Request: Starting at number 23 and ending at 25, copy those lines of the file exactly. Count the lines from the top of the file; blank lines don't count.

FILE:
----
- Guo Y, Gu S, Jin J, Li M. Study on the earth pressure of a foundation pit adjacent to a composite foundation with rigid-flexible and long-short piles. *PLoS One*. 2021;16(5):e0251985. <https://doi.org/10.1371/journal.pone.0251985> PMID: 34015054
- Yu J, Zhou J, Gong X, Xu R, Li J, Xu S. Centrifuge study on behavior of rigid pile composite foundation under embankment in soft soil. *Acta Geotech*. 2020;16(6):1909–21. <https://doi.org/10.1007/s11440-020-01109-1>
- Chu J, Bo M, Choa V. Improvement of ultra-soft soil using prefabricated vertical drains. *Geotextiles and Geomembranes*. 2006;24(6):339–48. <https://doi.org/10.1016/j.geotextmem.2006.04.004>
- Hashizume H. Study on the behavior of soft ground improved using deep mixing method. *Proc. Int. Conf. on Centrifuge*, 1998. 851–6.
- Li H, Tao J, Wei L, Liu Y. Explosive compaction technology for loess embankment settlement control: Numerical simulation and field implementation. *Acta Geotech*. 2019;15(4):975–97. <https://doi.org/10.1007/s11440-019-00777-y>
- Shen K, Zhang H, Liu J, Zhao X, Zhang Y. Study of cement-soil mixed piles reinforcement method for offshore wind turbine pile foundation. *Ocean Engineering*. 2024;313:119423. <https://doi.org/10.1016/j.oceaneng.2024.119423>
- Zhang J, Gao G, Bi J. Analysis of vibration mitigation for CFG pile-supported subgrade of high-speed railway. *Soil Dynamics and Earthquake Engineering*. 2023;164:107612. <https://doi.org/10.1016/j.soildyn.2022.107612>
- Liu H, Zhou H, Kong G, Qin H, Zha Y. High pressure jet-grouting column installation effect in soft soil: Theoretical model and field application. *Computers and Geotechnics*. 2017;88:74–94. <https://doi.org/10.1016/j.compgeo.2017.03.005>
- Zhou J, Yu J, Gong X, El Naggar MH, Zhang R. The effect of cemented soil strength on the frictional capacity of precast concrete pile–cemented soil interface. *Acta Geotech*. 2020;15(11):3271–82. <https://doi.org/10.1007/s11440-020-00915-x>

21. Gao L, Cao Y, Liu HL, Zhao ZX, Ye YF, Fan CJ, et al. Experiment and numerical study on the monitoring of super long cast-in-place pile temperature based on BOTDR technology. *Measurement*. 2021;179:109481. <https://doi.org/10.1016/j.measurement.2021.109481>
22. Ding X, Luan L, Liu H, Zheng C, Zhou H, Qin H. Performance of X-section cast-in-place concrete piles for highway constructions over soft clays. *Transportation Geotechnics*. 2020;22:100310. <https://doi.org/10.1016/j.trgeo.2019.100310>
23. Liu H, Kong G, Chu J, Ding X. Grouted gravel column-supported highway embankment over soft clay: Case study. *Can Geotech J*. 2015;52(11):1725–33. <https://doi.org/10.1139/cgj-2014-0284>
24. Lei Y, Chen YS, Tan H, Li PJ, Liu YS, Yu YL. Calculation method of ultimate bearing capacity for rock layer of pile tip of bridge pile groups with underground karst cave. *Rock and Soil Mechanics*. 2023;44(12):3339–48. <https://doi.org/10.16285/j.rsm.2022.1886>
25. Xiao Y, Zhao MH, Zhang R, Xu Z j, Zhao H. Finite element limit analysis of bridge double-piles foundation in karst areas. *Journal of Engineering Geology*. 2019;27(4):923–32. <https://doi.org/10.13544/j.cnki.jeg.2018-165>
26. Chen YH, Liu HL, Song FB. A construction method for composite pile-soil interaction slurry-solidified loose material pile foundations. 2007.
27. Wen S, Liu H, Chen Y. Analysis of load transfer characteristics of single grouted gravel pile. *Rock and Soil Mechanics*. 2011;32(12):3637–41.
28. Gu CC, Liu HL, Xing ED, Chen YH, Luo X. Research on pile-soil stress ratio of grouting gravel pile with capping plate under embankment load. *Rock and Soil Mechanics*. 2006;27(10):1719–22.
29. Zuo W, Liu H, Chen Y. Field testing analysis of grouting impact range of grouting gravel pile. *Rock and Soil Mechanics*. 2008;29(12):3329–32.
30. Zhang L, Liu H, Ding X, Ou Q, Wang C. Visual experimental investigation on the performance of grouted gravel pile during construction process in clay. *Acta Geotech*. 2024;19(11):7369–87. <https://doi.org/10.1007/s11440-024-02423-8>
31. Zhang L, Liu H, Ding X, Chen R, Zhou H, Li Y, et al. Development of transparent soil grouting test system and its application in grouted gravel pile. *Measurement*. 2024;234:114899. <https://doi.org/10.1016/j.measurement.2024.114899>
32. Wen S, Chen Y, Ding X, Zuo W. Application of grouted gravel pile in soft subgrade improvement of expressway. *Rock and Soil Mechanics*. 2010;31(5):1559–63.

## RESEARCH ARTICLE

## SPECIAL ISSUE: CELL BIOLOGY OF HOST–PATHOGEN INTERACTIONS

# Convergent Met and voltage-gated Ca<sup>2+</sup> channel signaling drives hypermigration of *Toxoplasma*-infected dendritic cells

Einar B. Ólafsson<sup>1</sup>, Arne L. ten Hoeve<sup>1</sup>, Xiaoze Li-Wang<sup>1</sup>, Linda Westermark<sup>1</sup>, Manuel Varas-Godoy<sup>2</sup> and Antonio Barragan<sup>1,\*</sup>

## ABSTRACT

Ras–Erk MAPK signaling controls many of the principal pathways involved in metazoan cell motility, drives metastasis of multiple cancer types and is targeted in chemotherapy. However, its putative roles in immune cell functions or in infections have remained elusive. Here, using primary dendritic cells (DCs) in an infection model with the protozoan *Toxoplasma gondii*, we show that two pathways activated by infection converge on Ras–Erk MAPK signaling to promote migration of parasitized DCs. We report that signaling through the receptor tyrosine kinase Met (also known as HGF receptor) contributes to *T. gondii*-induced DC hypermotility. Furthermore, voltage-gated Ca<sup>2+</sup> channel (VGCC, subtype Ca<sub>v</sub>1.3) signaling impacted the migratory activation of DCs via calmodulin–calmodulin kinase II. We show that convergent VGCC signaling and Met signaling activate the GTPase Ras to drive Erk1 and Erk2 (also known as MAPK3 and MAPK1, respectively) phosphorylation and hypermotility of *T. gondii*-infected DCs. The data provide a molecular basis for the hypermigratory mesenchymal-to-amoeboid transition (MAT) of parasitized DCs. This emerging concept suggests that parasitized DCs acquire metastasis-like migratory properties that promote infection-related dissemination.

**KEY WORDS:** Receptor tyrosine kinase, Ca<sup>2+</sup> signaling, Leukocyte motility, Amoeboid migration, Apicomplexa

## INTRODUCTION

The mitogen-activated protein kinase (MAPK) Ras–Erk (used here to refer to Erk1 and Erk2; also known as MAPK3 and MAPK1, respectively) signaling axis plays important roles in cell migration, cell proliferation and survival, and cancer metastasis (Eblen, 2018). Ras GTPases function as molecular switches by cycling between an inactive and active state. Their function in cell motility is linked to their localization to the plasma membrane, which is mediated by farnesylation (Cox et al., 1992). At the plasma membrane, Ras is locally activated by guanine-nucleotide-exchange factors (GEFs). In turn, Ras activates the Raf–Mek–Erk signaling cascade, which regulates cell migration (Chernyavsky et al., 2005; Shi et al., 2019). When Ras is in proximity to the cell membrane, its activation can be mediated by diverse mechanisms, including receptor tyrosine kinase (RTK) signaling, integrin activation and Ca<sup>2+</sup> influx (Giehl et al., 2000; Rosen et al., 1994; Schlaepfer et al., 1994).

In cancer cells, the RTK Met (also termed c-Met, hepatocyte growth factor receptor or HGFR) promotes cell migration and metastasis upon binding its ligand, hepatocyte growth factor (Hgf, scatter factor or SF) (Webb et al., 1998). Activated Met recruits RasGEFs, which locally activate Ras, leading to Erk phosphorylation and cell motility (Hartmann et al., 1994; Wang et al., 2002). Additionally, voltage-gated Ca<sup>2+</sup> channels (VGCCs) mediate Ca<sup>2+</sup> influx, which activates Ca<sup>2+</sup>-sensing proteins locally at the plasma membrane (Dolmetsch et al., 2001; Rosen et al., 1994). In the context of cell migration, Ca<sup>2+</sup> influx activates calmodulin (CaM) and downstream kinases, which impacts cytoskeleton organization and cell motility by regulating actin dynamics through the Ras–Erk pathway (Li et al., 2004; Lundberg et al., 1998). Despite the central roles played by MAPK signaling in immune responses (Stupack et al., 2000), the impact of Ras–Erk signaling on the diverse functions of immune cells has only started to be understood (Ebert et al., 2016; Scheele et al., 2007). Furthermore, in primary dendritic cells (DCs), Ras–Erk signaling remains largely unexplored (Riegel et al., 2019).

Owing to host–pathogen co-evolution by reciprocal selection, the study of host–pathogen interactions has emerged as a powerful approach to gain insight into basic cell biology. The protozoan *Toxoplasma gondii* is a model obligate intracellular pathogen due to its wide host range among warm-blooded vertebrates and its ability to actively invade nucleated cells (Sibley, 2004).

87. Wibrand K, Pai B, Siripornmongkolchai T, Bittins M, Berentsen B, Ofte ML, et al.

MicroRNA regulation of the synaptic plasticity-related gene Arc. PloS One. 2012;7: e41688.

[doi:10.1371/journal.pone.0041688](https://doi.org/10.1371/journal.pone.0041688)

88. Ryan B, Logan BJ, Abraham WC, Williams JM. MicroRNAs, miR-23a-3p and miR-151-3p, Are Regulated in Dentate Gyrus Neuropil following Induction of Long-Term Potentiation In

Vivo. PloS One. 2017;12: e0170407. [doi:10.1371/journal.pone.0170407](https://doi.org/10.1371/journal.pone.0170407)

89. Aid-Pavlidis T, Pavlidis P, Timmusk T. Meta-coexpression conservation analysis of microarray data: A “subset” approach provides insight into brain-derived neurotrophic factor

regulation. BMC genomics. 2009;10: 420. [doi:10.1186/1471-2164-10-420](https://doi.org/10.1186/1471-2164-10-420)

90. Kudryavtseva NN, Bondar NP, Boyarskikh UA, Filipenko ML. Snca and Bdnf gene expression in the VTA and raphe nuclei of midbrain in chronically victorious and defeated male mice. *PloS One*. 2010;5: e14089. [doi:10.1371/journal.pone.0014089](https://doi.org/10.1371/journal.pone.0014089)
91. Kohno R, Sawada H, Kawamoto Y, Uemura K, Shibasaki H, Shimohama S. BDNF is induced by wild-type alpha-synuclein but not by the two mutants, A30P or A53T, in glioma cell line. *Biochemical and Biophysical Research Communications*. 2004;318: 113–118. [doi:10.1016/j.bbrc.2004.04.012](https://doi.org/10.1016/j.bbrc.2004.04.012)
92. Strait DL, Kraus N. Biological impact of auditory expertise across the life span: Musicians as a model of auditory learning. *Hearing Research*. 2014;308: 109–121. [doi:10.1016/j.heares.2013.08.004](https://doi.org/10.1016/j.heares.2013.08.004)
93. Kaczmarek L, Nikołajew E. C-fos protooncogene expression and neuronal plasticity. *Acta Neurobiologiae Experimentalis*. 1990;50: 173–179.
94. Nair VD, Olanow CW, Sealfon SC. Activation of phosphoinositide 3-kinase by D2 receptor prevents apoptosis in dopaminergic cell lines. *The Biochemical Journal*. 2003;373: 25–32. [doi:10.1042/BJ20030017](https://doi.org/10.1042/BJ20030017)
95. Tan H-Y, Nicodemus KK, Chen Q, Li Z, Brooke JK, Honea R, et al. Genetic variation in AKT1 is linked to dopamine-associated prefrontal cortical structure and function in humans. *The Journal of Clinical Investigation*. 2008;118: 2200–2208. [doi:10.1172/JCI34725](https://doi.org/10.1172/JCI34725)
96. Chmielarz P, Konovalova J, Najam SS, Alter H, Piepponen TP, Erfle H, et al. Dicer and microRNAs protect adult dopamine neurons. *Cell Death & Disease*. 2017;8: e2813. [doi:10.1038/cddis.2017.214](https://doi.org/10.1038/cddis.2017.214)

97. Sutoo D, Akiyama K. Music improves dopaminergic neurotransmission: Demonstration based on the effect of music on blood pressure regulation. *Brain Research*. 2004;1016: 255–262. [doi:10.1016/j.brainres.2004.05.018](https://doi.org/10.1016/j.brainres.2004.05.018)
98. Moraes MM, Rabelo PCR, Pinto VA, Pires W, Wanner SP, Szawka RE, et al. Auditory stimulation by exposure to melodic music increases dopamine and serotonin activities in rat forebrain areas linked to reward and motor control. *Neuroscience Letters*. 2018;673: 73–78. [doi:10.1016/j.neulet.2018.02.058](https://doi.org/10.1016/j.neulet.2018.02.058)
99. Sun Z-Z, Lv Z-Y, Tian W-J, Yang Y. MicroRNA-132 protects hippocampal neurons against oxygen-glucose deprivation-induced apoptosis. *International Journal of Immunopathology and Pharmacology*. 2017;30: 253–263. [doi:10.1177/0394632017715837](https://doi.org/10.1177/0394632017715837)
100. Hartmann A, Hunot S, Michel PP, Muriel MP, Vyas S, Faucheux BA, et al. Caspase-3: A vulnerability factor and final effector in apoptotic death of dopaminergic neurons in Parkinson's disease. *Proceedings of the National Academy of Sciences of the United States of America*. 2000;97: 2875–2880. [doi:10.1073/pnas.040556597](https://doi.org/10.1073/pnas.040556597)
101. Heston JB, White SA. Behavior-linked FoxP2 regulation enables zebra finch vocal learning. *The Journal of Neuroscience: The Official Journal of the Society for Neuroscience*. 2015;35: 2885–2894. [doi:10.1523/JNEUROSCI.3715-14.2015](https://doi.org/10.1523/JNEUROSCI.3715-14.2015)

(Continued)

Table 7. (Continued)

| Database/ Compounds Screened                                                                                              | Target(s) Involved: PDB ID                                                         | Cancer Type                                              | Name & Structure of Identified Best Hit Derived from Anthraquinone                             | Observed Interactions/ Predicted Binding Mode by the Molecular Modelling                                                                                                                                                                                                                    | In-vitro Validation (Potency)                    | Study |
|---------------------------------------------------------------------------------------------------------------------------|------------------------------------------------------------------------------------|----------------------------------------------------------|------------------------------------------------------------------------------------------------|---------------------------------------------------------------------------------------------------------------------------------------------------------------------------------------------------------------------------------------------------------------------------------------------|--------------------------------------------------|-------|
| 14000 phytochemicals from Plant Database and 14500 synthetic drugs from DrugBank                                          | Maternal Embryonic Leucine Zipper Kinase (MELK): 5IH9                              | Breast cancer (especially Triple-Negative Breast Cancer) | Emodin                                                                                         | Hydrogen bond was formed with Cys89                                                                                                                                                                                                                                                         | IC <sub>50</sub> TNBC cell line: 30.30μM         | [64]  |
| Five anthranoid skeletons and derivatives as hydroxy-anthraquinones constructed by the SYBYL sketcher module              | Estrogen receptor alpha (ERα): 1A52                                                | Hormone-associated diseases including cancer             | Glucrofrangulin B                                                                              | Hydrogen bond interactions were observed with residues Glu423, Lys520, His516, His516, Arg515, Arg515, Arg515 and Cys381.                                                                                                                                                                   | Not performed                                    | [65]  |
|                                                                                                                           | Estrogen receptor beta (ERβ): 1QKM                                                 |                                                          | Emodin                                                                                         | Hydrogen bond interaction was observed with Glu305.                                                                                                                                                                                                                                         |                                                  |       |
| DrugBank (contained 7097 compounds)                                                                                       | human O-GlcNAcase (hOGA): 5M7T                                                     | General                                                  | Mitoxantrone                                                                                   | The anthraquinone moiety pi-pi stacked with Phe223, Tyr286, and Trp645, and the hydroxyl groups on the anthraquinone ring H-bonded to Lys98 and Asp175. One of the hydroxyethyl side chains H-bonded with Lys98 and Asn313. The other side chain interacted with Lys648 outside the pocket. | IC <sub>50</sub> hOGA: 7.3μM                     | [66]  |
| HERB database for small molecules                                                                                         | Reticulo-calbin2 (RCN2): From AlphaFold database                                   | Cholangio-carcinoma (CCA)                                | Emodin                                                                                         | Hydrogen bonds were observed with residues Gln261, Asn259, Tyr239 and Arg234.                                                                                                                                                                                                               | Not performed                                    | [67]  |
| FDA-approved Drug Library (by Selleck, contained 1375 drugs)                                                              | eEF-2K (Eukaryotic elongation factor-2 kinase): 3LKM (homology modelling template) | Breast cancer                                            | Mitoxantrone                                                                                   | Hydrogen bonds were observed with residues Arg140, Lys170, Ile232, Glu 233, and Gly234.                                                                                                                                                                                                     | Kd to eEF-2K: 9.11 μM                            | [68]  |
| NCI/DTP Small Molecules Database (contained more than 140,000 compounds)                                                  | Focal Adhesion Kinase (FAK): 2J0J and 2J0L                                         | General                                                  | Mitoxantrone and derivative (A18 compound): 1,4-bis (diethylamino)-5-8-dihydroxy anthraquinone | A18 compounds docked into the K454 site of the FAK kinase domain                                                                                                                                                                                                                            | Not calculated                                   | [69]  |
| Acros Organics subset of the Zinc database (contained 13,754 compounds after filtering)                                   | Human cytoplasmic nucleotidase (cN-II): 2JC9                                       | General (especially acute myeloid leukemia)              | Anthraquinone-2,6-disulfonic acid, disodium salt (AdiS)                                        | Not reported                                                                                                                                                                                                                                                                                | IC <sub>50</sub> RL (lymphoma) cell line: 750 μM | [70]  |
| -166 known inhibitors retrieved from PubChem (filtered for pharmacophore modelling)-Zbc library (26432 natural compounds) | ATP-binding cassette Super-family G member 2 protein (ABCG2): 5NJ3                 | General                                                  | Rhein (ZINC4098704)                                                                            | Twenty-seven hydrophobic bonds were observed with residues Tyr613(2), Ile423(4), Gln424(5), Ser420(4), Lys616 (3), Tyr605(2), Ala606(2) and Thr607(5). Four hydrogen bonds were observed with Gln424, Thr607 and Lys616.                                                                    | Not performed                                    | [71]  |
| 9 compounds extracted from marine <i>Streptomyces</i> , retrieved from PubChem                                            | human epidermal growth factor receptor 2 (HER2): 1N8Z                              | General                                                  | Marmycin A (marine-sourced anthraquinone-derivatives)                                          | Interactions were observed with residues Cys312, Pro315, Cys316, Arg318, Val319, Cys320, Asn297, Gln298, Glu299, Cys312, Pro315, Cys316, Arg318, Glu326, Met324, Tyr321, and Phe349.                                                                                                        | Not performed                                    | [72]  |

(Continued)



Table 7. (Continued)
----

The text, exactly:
## SPECIAL ISSUE: CELL BIOLOGY OF HOST–PATHOGEN INTERACTIONS

# Convergent Met and voltage-gated Ca<sup>2+</sup> channel signaling drives hypermigration of *Toxoplasma*-infected dendritic cells

Einar B. Ólafsson<sup>1</sup>, Arne L. ten Hoeve<sup>1</sup>, Xiaoze Li-Wang<sup>1</sup>, Linda Westermark<sup>1</sup>, Manuel Varas-Godoy<sup>2</sup> and Antonio Barragan<sup>1,\*</sup>